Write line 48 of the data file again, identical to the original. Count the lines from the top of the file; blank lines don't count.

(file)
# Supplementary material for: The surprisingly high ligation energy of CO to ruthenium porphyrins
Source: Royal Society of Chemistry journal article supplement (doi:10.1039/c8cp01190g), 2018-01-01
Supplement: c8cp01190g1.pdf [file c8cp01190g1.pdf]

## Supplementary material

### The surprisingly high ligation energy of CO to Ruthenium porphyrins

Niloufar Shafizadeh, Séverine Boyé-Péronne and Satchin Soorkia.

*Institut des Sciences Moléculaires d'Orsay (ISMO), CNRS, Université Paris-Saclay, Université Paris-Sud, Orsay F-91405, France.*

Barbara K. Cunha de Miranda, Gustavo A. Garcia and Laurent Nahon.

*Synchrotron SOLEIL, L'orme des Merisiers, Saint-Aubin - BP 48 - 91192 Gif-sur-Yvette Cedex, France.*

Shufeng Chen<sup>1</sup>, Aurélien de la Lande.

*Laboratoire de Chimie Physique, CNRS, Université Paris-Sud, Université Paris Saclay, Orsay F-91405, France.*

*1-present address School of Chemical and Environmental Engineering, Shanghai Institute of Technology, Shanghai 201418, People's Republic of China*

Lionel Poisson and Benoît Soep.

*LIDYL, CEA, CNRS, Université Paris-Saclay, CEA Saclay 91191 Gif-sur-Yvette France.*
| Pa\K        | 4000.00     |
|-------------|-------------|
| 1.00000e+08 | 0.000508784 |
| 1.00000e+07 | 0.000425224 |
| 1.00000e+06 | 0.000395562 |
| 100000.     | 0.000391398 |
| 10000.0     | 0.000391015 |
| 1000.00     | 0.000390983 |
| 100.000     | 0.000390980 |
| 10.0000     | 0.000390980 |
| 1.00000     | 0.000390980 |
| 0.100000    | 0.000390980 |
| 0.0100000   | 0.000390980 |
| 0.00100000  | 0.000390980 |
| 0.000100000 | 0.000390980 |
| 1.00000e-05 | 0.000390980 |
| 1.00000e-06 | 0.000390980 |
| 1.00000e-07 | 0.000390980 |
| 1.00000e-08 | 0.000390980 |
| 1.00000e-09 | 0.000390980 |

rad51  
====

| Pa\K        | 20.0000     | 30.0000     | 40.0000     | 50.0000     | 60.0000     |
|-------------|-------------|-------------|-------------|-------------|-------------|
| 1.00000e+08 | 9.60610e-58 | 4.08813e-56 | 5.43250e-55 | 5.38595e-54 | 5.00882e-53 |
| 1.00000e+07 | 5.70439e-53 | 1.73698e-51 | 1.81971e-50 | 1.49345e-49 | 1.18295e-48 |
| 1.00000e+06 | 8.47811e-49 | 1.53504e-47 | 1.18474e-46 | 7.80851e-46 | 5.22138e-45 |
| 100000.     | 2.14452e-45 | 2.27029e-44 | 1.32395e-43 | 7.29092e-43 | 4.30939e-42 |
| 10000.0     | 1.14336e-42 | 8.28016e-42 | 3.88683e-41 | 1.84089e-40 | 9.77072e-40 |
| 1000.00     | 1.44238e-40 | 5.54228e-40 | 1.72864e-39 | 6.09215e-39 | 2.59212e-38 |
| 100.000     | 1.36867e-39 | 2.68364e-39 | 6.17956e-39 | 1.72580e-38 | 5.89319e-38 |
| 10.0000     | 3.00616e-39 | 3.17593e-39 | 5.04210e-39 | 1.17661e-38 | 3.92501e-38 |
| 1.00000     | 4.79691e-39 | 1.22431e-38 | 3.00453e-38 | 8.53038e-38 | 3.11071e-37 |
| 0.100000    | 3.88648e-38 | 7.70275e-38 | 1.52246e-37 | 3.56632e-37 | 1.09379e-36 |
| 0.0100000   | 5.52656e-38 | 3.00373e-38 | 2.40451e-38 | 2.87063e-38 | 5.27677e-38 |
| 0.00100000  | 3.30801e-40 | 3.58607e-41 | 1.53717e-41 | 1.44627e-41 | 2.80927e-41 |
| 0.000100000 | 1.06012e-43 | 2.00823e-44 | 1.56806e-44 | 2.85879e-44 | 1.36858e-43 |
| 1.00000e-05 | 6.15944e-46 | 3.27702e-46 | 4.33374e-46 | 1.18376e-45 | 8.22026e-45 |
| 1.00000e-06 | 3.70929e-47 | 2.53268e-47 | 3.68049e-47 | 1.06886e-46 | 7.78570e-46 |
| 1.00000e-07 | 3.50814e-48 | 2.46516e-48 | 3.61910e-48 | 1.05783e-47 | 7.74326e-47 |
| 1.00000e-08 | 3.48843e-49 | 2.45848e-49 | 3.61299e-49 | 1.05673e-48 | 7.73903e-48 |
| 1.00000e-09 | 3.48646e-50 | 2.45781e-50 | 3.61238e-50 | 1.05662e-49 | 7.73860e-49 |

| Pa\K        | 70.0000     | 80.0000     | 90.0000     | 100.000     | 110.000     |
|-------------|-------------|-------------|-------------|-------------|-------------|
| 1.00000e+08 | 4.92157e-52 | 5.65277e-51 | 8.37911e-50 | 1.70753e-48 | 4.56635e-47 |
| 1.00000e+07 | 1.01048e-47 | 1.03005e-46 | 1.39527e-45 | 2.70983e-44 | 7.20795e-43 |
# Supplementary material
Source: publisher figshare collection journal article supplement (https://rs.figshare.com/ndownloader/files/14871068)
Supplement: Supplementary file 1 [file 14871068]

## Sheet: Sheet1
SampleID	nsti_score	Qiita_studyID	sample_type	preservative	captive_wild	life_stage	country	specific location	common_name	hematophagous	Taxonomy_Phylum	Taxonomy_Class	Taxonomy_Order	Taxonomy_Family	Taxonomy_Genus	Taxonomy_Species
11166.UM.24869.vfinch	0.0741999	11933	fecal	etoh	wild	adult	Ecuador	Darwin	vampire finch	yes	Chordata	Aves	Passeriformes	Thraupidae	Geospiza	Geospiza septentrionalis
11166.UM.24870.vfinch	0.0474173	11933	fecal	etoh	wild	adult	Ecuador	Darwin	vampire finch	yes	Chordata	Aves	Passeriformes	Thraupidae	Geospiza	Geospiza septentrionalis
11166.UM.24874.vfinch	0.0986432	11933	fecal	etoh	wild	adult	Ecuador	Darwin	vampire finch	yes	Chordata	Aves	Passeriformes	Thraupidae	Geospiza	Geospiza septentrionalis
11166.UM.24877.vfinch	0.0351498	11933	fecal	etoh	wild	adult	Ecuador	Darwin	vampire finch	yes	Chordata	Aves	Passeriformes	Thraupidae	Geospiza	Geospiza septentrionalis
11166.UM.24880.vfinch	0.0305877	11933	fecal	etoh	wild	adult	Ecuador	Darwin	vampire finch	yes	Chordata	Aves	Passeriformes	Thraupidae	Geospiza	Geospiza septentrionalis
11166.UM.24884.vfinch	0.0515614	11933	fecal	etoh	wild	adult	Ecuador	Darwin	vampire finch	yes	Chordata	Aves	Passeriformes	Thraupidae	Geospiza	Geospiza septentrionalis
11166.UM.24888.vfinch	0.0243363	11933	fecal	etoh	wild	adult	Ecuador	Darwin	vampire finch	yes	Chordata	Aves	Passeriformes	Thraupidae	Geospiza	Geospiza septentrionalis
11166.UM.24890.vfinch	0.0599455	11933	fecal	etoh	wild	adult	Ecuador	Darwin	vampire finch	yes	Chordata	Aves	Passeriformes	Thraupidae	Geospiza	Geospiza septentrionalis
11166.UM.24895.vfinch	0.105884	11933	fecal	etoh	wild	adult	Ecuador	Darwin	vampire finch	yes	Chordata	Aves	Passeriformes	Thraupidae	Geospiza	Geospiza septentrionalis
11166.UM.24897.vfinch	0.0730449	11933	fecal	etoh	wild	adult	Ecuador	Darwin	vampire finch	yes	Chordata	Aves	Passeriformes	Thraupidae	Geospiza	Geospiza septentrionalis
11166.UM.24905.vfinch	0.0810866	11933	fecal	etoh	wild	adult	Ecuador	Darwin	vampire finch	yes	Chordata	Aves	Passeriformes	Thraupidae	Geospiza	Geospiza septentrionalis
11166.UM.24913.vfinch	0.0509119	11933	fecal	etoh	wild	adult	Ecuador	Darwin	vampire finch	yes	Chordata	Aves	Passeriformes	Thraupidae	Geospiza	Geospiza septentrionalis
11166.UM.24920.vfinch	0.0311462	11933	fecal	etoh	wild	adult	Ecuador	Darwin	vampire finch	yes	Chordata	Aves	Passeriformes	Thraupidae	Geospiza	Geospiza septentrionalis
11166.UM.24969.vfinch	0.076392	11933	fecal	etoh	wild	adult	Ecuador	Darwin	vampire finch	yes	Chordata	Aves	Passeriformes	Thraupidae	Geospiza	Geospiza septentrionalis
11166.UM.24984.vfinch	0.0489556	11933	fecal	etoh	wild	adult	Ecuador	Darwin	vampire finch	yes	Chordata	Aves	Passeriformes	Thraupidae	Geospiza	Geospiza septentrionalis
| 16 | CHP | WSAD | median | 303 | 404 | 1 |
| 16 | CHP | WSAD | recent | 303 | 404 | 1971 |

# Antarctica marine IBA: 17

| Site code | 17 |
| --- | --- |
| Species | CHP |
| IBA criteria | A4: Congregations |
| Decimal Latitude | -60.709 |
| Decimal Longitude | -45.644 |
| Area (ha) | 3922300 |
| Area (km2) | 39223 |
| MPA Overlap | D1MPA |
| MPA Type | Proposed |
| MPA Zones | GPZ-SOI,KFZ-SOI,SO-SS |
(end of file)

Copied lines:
| 0.100000    | 3.88648e-38 | 7.70275e-38 | 1.52246e-37 | 3.56632e-37 | 1.09379e-36 |